Link: How Not to Make Friends And Influence People
I'm not a nativist, but I do think our government should put our people first, and spending half a trillion dollars -- over $2 billion a week at present -- on a war that could have been avoided or better-prosecuted is just a waste. The stories that have surfaced, about the U.S. flying cargo planes full of stacks of money shrink-wrapped on pallets to give without any accounting to operatives and contractors in Iraq, just boggle my mind, especially when the Congress just passed "budget reconciliation" legislation that pretends to save real money by cutting services to America's poorest people.
So you might think that I'd love any cuts to our spending in Iraq -- but I don't. We shouldn't have gone to war in the first place, in my not so humble opinion, but now that we're there, we need to leave the people at least as well off as when we arrived.
Colin Powell was right when he told President Bush that the "Pottery Barn Rule" applied: if he invaded Iraq, then what he broke, he'd have to pay for. And leaving a stable, economically-healthy Iraq behind is the best thing we can do to defend ourselves against all the newly-minted terrorists that our actions in Iraq have created. Right now, Iraq is producing less oil, has less clean water, and has less electricity than it did when Saddam was in power, even under U.N. sanctions. It won't cost much, relatively speaking, to fix those problems before we leave. Does anyone remember the last scene in the great and abysmally short series "Over There", about our troops in Iraq? The American soldiers finish drinking some contraband beer around a campfire, then conscientiously extinguish the fire and put all the empties back in the box before walking away. Neatening up. That's what we should do as a nation.
Atrios, of the Eschaton blog, wrote a nice comment about the Administration's plans to do the exact opposite of what they should be doing, to-wit:
I never thought much of the chances for our Iraq Excellent Adventure, but I did think a narrow window of opportunity existed right after the invasion such that if we really could've gone in and metaphorically paved the streets with gold - got the infrastructure working, made noticeable improvements in peoples' daily lives very quickily - that we would've at least been a bit more popular with the locals. The basic ethnic conflict issues would've remained but perhaps US soldiers and the occupation generally wouldn't have been as much the targets of the insurgency as they are now. Now, it seems, we're just going to give up.
BAGHDAD -- The Bush administration does not intend to seek any new funds for Iraq reconstruction in the budget request going before Congress in February, officials say. The decision signals the winding down of an $18.4 billion U.S. rebuilding effort in which roughly half of the money was eaten away by the insurgency, a buildup of Iraq's criminal justice system and the investigation and trial of Saddam Hussein.
Just under 20 percent of the reconstruction package remains unallocated. When the last of the $18.4 billion is spent, U.S. officials in Baghdad have made clear, other foreign donors and the fledgling Iraqi government will have to take up what authorities say is tens of billions of dollars of work yet to be done merely to bring reliable electricity, water and other services to Iraq's 26 million people.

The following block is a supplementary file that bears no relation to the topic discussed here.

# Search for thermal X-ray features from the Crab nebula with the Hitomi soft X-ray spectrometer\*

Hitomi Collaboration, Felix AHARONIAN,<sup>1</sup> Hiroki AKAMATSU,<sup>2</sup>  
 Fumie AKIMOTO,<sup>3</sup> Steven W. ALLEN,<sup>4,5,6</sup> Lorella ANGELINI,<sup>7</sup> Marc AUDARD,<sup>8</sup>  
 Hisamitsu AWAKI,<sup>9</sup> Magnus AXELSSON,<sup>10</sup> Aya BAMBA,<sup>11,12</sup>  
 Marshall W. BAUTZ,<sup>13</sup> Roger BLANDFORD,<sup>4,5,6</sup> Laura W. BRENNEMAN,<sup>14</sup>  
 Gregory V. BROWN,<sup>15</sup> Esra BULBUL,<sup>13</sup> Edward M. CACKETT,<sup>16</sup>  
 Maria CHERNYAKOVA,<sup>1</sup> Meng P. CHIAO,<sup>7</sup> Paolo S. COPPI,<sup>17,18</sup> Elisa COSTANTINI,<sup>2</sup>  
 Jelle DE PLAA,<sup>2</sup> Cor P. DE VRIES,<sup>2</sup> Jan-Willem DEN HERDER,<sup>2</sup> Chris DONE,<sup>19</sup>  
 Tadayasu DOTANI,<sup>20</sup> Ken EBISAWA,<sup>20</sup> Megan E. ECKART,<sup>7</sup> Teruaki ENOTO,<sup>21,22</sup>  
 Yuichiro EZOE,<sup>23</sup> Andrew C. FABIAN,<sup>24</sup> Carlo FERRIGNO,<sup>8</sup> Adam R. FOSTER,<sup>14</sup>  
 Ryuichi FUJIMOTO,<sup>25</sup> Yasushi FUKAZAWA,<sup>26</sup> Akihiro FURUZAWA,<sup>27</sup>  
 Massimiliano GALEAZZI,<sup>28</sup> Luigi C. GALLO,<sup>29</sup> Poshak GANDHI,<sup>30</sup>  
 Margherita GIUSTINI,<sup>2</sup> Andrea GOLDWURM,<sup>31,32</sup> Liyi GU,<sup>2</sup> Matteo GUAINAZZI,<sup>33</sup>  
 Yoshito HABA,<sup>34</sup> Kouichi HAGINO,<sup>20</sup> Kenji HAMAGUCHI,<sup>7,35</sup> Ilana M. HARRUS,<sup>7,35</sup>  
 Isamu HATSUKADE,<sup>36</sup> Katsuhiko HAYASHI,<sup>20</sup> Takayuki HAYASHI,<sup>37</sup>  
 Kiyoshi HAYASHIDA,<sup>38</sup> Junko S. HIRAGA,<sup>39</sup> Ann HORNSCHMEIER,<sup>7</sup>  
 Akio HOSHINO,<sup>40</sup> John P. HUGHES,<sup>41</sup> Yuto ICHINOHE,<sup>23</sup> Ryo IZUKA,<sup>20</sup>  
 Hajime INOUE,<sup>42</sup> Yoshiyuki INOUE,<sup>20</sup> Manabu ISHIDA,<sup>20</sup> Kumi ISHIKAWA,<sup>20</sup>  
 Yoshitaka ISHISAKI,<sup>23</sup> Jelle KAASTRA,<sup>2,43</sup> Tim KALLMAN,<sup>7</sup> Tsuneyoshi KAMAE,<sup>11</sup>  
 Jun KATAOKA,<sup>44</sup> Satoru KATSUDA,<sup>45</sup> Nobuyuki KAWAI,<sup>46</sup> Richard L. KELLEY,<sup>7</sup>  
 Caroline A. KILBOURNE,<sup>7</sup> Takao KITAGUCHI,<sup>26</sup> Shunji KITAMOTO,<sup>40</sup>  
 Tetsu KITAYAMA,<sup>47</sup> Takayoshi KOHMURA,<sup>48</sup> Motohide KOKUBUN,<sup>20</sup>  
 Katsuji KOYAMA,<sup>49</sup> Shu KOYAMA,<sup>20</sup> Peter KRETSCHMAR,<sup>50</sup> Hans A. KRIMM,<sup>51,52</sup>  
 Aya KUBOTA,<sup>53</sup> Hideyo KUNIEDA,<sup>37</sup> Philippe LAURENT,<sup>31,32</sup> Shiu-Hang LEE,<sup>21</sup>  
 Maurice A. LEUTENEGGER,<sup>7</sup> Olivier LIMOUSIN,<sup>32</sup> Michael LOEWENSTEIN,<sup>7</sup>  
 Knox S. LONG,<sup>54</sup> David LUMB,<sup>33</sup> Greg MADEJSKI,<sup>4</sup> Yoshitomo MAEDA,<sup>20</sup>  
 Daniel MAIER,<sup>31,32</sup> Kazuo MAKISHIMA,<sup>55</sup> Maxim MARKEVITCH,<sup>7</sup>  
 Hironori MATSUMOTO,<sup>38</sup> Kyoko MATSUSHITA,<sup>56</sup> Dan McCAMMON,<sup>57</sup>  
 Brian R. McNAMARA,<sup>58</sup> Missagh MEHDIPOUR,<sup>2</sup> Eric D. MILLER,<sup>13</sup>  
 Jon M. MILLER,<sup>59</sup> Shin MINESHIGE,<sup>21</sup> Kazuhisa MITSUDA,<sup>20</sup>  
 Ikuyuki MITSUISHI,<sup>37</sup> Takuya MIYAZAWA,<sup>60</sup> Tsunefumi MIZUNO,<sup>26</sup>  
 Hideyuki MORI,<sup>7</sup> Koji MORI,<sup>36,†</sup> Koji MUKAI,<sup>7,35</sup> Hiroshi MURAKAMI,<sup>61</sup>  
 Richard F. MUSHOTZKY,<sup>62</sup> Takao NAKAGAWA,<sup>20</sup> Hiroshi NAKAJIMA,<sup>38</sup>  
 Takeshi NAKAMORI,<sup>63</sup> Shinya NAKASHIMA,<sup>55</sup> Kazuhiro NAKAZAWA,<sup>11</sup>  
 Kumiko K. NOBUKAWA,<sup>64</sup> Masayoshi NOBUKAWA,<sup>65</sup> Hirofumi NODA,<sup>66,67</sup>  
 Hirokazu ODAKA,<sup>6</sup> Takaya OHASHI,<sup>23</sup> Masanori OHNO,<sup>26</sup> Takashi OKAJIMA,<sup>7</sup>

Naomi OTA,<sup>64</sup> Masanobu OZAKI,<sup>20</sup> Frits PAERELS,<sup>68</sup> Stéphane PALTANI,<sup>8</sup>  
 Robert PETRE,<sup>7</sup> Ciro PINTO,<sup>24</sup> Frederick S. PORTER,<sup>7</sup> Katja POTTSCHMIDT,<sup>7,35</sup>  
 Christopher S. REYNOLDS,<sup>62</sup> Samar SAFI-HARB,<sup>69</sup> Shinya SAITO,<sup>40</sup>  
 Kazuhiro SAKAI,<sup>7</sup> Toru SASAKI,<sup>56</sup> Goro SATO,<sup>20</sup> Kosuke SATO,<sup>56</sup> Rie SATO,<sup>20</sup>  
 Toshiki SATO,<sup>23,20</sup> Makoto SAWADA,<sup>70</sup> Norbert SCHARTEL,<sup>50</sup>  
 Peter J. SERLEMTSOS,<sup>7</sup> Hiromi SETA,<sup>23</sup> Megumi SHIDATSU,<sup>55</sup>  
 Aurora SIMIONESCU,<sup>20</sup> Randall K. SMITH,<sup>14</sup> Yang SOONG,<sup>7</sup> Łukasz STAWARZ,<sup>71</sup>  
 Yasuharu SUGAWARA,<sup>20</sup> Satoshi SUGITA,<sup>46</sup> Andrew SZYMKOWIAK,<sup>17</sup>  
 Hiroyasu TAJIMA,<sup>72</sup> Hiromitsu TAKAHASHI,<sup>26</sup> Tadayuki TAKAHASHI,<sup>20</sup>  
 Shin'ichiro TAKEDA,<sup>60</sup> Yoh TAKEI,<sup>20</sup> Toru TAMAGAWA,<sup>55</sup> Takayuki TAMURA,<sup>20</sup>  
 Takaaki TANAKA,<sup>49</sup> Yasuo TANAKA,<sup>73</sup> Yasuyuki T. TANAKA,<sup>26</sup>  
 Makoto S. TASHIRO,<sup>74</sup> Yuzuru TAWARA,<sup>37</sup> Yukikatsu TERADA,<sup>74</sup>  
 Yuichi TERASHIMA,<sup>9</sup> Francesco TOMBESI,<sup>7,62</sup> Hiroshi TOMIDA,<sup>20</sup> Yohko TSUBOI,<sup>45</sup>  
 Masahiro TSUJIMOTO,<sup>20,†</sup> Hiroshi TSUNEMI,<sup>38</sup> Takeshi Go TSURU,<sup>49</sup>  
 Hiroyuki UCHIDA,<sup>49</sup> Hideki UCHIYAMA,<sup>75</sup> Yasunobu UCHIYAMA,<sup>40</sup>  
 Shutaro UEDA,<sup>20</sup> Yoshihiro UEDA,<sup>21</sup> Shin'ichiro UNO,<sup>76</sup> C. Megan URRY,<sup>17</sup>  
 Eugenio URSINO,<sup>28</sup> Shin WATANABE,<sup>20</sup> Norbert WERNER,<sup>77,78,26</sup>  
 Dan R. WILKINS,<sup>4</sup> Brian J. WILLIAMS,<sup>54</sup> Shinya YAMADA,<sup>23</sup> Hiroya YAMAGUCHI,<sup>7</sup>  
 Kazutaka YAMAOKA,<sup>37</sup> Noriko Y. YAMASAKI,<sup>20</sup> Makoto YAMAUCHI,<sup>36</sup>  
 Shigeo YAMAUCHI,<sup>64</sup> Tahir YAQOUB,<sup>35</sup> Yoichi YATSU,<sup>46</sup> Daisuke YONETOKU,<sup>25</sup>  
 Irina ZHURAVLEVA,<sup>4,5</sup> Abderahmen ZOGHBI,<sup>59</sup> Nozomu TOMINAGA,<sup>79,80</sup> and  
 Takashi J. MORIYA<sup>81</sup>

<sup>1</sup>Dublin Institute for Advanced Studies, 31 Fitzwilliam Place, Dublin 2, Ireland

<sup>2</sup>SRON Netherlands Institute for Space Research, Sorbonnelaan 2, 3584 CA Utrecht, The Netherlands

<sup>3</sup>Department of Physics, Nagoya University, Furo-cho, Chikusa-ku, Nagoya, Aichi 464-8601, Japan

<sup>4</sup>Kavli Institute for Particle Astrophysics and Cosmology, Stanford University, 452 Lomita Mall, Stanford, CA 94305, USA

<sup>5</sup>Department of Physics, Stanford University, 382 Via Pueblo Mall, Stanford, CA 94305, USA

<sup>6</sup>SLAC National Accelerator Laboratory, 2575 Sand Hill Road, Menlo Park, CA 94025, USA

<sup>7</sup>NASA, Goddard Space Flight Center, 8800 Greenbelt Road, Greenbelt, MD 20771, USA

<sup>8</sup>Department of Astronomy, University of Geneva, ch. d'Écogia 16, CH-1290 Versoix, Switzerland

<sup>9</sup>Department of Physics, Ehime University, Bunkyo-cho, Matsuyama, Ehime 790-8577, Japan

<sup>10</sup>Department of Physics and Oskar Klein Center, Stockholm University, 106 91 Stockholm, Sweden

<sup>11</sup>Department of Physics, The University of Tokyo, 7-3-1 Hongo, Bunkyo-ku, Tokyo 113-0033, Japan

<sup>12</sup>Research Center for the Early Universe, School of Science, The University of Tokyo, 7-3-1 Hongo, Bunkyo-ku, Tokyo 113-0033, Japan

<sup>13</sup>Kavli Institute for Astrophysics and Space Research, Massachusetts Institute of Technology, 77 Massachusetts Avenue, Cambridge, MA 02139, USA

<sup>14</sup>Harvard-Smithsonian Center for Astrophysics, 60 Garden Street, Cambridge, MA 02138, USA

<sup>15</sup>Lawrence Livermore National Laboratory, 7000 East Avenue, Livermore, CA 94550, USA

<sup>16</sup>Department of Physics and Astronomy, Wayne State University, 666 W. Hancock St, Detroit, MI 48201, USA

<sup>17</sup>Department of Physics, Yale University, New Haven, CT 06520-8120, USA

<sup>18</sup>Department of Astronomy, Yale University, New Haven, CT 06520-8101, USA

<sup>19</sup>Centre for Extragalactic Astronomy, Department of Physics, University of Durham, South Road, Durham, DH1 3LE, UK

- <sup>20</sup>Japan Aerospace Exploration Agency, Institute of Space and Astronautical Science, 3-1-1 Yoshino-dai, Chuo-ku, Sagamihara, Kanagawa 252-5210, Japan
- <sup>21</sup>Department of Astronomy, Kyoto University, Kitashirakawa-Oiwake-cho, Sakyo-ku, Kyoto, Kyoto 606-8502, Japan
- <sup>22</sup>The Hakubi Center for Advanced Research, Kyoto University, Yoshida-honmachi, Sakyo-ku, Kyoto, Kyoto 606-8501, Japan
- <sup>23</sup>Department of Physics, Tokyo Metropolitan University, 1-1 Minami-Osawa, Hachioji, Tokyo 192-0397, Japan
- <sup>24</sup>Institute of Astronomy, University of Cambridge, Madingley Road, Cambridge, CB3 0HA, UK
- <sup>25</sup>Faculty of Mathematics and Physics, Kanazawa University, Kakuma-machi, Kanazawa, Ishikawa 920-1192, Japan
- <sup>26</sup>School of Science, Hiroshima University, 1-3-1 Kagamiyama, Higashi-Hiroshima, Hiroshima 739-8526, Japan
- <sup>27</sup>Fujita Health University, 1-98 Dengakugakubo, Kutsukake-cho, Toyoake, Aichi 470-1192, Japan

"The U.S. never intended to completely rebuild Iraq," Brig. Gen. William McCoy, the Army Corps of Engineers commander overseeing the work, told reporters at a recent news conference. In an interview this past week, McCoy said: "This was just supposed to be a jump-start."
I'm a believer in Maslow's hierarchy of human needs, so I believe people without clean water, decent food, and a little security are naturally focused more on survival that on building a competent democracy. At a minimum, therefore, I'd want to provide the Iraqi people with the basics of life: clean water, functioning sewers, reliable electricity to run hospitals and refrigerate food to prevent disease. Most Iraqis had those things under Saddam, and don't have them today, even after all the money we've spent. I simply don't think they can have a stable democracy without electricity and clean water, so we shouldn't be cutting off reconstruction funds yet. But I'd like your thoughts.
So, NeoProgBlog readers: what do you think? How would you balance our need to focus our spending on our own people instead of squandering it overseas, and our responsibility to do the right thing by all the Iraqis who aren't blowing us up but whose lives are immeasurably worse now than they were, even under Saddam? When we invade another country that turns out not to have WMDs, that wasn't anywhere close to making a nuclear bomb, that didn't have any way to attack us, that had allowed weapons inspectors back in, that opposed al Quaeda, and that didn't play any role in 9/11 -- when we invade such a country, do untold damage, and realize that all our rationales were mistaken -- what do we owe that country, and how do we determine when enough is enough?